Shenzhou-10: China launches next manned space mission

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China has launched its latest Shenzhou manned space mission.


Three astronauts blasted away from the Jiuquan base in Inner Mongolia on a Long March 2F rocket at 17:38 Beijing time (09:38 GMT).

The commander, Nie Haisheng, and his crew, Zhang Xiaoguang and Wang Yaping, plan to spend just under two weeks at the orbiting Tiangong space lab.

Wang is China's second female astronaut and she will beam the country's first lesson from space to students on Earth.

The crew's capsule was ejected from the upper-stage of the rocket about nine minutes after lift-off. Mission controllers clapped enthusiastically once the ship's solar panels had been deployed.

Written By: Jonathan Amos
continue to source article at bbc.co.uk

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    • In reply to #1 by Alan4discussion:

      With the major manned orbiting facility of the ISS, attracting the media, some people have not taken much notice of the Chinese working on their own small habitable space-lab.

      China’s ten year mark of manned space flight is garnering some media attention.

  1. Europe in particular has opened a dialogue that could eventually result in flight opportunities for its astronauts on the proposed Chinese space station.

    Excellent. Cooperation is the name of the game.

    • In reply to #4 by This Is Not A Meme:

      I’ve long been impressed with Chinese engineering. I’ve been trying to figure out these finger-cuff things for a while now.

      Amazing, and you can still type. Bravo!

  2. Wang is China’s second female astronaut and she will beam the country’s first lesson from space to students on Earth.

    Great! A woman in space is a powerful symbol, especially a woman teacher. Bravo China.

  3. I don’t understand why so many people who like science and research want to see more manned space exploration. There is very little in the way of actual research that a human can do right now that a machine can not. And for that perhaps 10% more in research capability you get with a human the cost is exponentially more. One hundred times as expensive at a minimum, probably more. So the question I always ask the people who want more manned exploration is why should we do it? What is different about data that is gathered by a man rather than a robot? And if we are exploring space to further science shouldn’t we want to do it in the way that is going to yield the most useful data?

    • In reply to #8 by Red Dog:

      So the question I always ask the people who want more manned exploration is why should we do it? What is different about data that is gathered by a man rather than a robot? And if we are exploring space to further science shouldn’t we want to do it in the way that is going to yield the most useful data?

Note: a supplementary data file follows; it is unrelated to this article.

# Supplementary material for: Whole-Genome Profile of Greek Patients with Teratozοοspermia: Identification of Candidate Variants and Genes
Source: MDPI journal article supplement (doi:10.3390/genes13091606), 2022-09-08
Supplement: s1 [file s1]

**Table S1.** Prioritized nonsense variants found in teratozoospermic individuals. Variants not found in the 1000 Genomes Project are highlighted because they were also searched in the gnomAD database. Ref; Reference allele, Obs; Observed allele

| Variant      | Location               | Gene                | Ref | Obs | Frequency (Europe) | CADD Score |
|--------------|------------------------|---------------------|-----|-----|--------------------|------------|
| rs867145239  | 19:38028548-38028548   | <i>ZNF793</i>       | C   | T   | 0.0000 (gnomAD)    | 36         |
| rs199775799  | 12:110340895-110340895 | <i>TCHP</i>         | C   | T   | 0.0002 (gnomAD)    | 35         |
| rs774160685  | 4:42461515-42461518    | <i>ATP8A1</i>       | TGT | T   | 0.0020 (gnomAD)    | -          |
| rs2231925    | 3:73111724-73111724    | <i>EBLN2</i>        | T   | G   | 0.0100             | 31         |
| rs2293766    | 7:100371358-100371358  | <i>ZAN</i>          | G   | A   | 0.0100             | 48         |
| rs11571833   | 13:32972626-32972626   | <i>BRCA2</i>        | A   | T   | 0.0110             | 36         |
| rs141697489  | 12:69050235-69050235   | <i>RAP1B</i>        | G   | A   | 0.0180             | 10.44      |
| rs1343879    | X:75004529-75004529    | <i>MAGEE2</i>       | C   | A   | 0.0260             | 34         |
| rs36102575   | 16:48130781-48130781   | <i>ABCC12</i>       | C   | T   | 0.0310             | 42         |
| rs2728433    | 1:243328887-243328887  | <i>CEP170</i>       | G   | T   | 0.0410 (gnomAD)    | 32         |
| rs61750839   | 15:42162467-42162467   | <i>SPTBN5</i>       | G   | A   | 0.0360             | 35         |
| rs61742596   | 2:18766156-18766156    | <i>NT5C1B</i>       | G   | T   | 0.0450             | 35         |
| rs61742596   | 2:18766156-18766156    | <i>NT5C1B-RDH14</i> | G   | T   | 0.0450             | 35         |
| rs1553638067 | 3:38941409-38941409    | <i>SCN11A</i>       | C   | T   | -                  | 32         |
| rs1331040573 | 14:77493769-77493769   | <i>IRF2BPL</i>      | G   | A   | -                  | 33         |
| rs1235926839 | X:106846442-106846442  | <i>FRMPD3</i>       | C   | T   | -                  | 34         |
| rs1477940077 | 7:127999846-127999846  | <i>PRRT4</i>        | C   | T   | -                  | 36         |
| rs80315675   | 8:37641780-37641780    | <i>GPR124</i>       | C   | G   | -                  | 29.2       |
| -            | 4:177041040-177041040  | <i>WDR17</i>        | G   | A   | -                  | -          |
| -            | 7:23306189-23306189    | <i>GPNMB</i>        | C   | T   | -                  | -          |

Cuz I want to go, and I kinda see that as the whole point. I want humans to become a different species through space travel, just as we are a different species for the steam-engine. I believe photos of the Earth from the Moon changed humanity, gave us a new perspective, one that is more conducive to peace, reason, and science.

      • In reply to #9 by This Is Not A Meme:

        In reply to #8 by Red Dog:
        Cuz I want to go, and I kinda see that as the whole point.

        That’s not a rational argument. That’s an emotional statement. We wouldn’t think a Christian who refused to believe the science of evolution had a very compelling counter argument if they said “because evolution offends me, that’s the whole point”

        I think its our destiny, etc. too. And I think its inspiring as well. But what really inspires me isn’t the fact that we send men into space or that we plant a flag but that we have a better understanding of the universe via scientific research. So it seems rational to me that we use the techniques that will give us the most useful scientific data and right now that is clearly robots. When the technology gets more advanced the economics and rationales for sending humans into space will change. And when that happens I’ll be one of the first to volunteer. But until that time decisions like this should be based on science not emotions. So why is it worth sacrificing more and better scientific data just so people like you can feel more inspired?

        I want humans to become a different species through space travel, just as we are a different species for the steam-engine.

        I agree. But what changed us was the new technology and science. And that’s my point, the best way to get good science in space right now is with robots.

        I believe photos of the Earth from the Moon changed humanity, gave us a new perspective, one that is more conducive to peace, reason, and science

        Robots can take pictures. And as for the new perspective, etc. it seems to me that is also driven by the new knowledge we obtain, not by the fact that the way we obtained it happened to be with a human picking up a rock rather than a machine. Why is all this new perspective somehow different if its humans getting the data? I mean imagine if this argument were applied to other domains:

        “We have to remove those automated monitoring computers from the LHC, we need humans to record the information. The new knowledge of physics we get from the LHC will give us a new perspective, one that is more conducive to peace, reason, and science…. and so it makes a difference whether its machines or humans who collect the data!”

        We wouldn’t take it seriously. It doesn’t matter whether a human or a computer collects the data, we want to use the best method (most accurate and cost effective) to even consider other issues would be ridiculous in the case of the LHC. Its only because so many of us have grown up watching Star Trek that we give these kinds of emotional arguments credence in space exploration.

      • In reply to #9 by This Is Not A Meme:

        Cuz I want to go, and I kinda see that as the whole point. I want humans to become a different species through space travel, just as we are a different species for the steam-engine.